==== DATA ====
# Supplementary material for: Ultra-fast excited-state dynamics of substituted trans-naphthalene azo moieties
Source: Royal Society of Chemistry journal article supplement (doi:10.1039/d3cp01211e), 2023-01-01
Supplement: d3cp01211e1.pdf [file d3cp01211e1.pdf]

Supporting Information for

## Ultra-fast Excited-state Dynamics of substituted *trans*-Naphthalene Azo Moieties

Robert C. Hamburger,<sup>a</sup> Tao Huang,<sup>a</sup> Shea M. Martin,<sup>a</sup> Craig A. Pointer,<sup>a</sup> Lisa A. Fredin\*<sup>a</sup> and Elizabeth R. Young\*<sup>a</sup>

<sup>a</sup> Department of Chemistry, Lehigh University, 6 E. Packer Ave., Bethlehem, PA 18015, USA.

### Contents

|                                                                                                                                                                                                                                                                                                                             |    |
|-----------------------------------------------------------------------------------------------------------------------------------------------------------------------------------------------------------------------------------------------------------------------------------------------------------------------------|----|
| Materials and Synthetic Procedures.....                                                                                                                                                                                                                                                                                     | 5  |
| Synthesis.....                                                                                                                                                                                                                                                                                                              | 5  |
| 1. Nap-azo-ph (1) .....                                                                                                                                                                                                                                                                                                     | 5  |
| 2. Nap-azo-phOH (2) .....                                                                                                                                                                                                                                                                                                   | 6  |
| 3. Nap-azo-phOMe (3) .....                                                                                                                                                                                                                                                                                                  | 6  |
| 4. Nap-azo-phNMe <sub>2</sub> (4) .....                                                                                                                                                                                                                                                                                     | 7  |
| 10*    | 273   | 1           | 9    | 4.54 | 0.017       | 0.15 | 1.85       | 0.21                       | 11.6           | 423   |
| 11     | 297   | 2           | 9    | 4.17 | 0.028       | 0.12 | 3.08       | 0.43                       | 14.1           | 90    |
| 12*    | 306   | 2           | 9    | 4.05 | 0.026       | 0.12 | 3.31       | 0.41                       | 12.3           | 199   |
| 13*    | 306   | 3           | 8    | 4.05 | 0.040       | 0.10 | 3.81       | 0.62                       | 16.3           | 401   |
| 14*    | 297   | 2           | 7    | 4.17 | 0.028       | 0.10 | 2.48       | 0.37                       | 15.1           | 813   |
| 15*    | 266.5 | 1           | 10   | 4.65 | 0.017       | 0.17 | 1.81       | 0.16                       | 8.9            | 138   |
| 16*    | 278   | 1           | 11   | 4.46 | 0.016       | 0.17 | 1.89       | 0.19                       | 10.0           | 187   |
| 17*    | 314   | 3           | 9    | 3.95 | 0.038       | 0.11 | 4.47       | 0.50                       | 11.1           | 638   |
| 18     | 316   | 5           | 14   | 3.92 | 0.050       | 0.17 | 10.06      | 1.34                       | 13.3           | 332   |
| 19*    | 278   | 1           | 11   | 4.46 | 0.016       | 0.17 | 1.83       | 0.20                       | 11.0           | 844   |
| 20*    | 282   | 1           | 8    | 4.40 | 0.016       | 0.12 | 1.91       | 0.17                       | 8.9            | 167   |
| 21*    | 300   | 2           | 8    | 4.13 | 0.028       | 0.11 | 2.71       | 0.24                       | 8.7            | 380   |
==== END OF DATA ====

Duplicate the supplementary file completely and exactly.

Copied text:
# Supplementary material for: Ultra-fast excited-state dynamics of substituted trans-naphthalene azo moieties
Source: Royal Society of Chemistry journal article supplement (doi:10.1039/d3cp01211e), 2023-01-01
Supplement: d3cp01211e1.pdf [file d3cp01211e1.pdf]

Supporting Information for

## Ultra-fast Excited-state Dynamics of substituted *trans*-Naphthalene Azo Moieties

Robert C. Hamburger,<sup>a</sup> Tao Huang,<sup>a</sup> Shea M. Martin,<sup>a</sup> Craig A. Pointer,<sup>a</sup> Lisa A. Fredin\*<sup>a</sup> and Elizabeth R. Young\*<sup>a</sup>

<sup>a</sup> Department of Chemistry, Lehigh University, 6 E. Packer Ave., Bethlehem, PA 18015, USA.

### Contents

|                                                                                                                                                                                                                                                                                                                             |    |
|-----------------------------------------------------------------------------------------------------------------------------------------------------------------------------------------------------------------------------------------------------------------------------------------------------------------------------|----|
| Materials and Synthetic Procedures.....                                                                                                                                                                                                                                                                                     | 5  |
| Synthesis.....                                                                                                                                                                                                                                                                                                              | 5  |
| 1. Nap-azo-ph (1) .....                                                                                                                                                                                                                                                                                                     | 5  |
| 2. Nap-azo-phOH (2) .....                                                                                                                                                                                                                                                                                                   | 6  |
| 3. Nap-azo-phOMe (3) .....                                                                                                                                                                                                                                                                                                  | 6  |
| 4. Nap-azo-phNMe <sub>2</sub> (4) .....                                                                                                                                                                                                                                                                                     | 7  |
| 10*    | 273   | 1           | 9    | 4.54 | 0.017       | 0.15 | 1.85       | 0.21                       | 11.6           | 423   |
| 11     | 297   | 2           | 9    | 4.17 | 0.028       | 0.12 | 3.08       | 0.43                       | 14.1           | 90    |
| 12*    | 306   | 2           | 9    | 4.05 | 0.026       | 0.12 | 3.31       | 0.41                       | 12.3           | 199   |
| 13*    | 306   | 3           | 8    | 4.05 | 0.040       | 0.10 | 3.81       | 0.62                       | 16.3           | 401   |
| 14*    | 297   | 2           | 7    | 4.17 | 0.028       | 0.10 | 2.48       | 0.37                       | 15.1           | 813   |
| 15*    | 266.5 | 1           | 10   | 4.65 | 0.017       | 0.17 | 1.81       | 0.16                       | 8.9            | 138   |
| 16*    | 278   | 1           | 11   | 4.46 | 0.016       | 0.17 | 1.89       | 0.19                       | 10.0           | 187   |
| 17*    | 314   | 3           | 9    | 3.95 | 0.038       | 0.11 | 4.47       | 0.50                       | 11.1           | 638   |
| 18     | 316   | 5           | 14   | 3.92 | 0.050       | 0.17 | 10.06      | 1.34                       | 13.3           | 332   |
| 19*    | 278   | 1           | 11   | 4.46 | 0.016       | 0.17 | 1.83       | 0.20                       | 11.0           | 844   |
| 20*    | 282   | 1           | 8    | 4.40 | 0.016       | 0.12 | 1.91       | 0.17                       | 8.9            | 167   |
| 21*    | 300   | 2           | 8    | 4.13 | 0.028       | 0.11 | 2.71       | 0.24                       | 8.7            | 380   |